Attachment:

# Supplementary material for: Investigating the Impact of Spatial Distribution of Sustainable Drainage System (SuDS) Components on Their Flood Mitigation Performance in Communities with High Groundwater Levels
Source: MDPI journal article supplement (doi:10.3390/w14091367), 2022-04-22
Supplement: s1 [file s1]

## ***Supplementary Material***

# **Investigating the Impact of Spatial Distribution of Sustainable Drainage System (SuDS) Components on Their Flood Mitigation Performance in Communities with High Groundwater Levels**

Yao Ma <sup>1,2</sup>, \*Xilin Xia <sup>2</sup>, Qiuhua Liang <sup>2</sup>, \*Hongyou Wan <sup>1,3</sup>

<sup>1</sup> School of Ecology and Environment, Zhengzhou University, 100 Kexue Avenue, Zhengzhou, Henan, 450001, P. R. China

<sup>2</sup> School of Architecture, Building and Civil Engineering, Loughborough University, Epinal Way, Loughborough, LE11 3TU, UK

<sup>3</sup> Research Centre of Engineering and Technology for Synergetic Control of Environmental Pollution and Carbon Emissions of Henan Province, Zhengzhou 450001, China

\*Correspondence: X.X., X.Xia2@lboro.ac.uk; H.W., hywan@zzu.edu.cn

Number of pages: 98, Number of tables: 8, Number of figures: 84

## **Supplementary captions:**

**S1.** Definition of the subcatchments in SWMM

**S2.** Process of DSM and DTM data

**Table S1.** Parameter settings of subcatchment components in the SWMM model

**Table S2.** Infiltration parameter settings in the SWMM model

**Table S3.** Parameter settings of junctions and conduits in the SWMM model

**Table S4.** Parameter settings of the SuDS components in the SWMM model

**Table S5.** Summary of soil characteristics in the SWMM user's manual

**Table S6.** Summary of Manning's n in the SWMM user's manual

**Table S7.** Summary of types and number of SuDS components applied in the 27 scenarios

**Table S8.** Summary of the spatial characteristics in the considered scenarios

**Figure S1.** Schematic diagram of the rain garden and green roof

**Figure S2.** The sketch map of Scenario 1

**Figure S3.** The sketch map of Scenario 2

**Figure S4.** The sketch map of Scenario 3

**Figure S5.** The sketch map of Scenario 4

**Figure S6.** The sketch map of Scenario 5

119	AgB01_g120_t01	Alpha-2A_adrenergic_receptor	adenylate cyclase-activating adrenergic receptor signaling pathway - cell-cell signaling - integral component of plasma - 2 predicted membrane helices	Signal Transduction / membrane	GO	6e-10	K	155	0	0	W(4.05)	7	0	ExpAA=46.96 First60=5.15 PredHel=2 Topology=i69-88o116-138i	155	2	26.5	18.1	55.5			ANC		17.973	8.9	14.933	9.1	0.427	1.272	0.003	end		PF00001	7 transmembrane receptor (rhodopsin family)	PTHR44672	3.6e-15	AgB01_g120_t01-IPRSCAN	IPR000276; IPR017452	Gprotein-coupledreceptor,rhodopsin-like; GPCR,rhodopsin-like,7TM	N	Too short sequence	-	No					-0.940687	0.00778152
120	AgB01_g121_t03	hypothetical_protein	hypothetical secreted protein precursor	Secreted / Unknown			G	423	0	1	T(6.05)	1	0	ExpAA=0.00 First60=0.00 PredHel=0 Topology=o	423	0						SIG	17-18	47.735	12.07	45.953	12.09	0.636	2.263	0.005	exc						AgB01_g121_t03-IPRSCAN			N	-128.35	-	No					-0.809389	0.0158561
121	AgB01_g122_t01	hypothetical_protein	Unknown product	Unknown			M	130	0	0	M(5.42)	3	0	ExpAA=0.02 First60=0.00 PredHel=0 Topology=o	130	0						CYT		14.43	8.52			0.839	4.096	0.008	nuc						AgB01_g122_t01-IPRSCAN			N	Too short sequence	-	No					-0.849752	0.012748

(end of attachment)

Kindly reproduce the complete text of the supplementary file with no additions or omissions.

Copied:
# Supplementary material for: Investigating the Impact of Spatial Distribution of Sustainable Drainage System (SuDS) Components on Their Flood Mitigation Performance in Communities with High Groundwater Levels
Source: MDPI journal article supplement (doi:10.3390/w14091367), 2022-04-22
Supplement: s1 [file s1]

## ***Supplementary Material***

# **Investigating the Impact of Spatial Distribution of Sustainable Drainage System (SuDS) Components on Their Flood Mitigation Performance in Communities with High Groundwater Levels**

Yao Ma <sup>1,2</sup>, \*Xilin Xia <sup>2</sup>, Qiuhua Liang <sup>2</sup>, \*Hongyou Wan <sup>1,3</sup>

<sup>1</sup> School of Ecology and Environment, Zhengzhou University, 100 Kexue Avenue, Zhengzhou, Henan, 450001, P. R. China

<sup>2</sup> School of Architecture, Building and Civil Engineering, Loughborough University, Epinal Way, Loughborough, LE11 3TU, UK

<sup>3</sup> Research Centre of Engineering and Technology for Synergetic Control of Environmental Pollution and Carbon Emissions of Henan Province, Zhengzhou 450001, China

\*Correspondence: X.X., X.Xia2@lboro.ac.uk; H.W., hywan@zzu.edu.cn

Number of pages: 98, Number of tables: 8, Number of figures: 84

## **Supplementary captions:**

**S1.** Definition of the subcatchments in SWMM

**S2.** Process of DSM and DTM data

**Table S1.** Parameter settings of subcatchment components in the SWMM model

**Table S2.** Infiltration parameter settings in the SWMM model

**Table S3.** Parameter settings of junctions and conduits in the SWMM model

**Table S4.** Parameter settings of the SuDS components in the SWMM model

**Table S5.** Summary of soil characteristics in the SWMM user's manual

**Table S6.** Summary of Manning's n in the SWMM user's manual

**Table S7.** Summary of types and number of SuDS components applied in the 27 scenarios

**Table S8.** Summary of the spatial characteristics in the considered scenarios

**Figure S1.** Schematic diagram of the rain garden and green roof

**Figure S2.** The sketch map of Scenario 1

**Figure S3.** The sketch map of Scenario 2

**Figure S4.** The sketch map of Scenario 3

**Figure S5.** The sketch map of Scenario 4

**Figure S6.** The sketch map of Scenario 5

119	AgB01_g120_t01	Alpha-2A_adrenergic_receptor	adenylate cyclase-activating adrenergic receptor signaling pathway - cell-cell signaling - integral component of plasma - 2 predicted membrane helices	Signal Transduction / membrane	GO	6e-10	K	155	0	0	W(4.05)	7	0	ExpAA=46.96 First60=5.15 PredHel=2 Topology=i69-88o116-138i	155	2	26.5	18.1	55.5			ANC		17.973	8.9	14.933	9.1	0.427	1.272	0.003	end		PF00001	7 transmembrane receptor (rhodopsin family)	PTHR44672	3.6e-15	AgB01_g120_t01-IPRSCAN	IPR000276; IPR017452	Gprotein-coupledreceptor,rhodopsin-like; GPCR,rhodopsin-like,7TM	N	Too short sequence	-	No					-0.940687	0.00778152
120	AgB01_g121_t03	hypothetical_protein	hypothetical secreted protein precursor	Secreted / Unknown			G	423	0	1	T(6.05)	1	0	ExpAA=0.00 First60=0.00 PredHel=0 Topology=o	423	0						SIG	17-18	47.735	12.07	45.953	12.09	0.636	2.263	0.005	exc						AgB01_g121_t03-IPRSCAN			N	-128.35	-	No					-0.809389	0.0158561
121	AgB01_g122_t01	hypothetical_protein	Unknown product	Unknown			M	130	0	0	M(5.42)	3	0	ExpAA=0.02 First60=0.00 PredHel=0 Topology=o	130	0						CYT		14.43	8.52			0.839	4.096	0.008	nuc						AgB01_g122_t01-IPRSCAN			N	Too short sequence	-	No					-0.849752	0.012748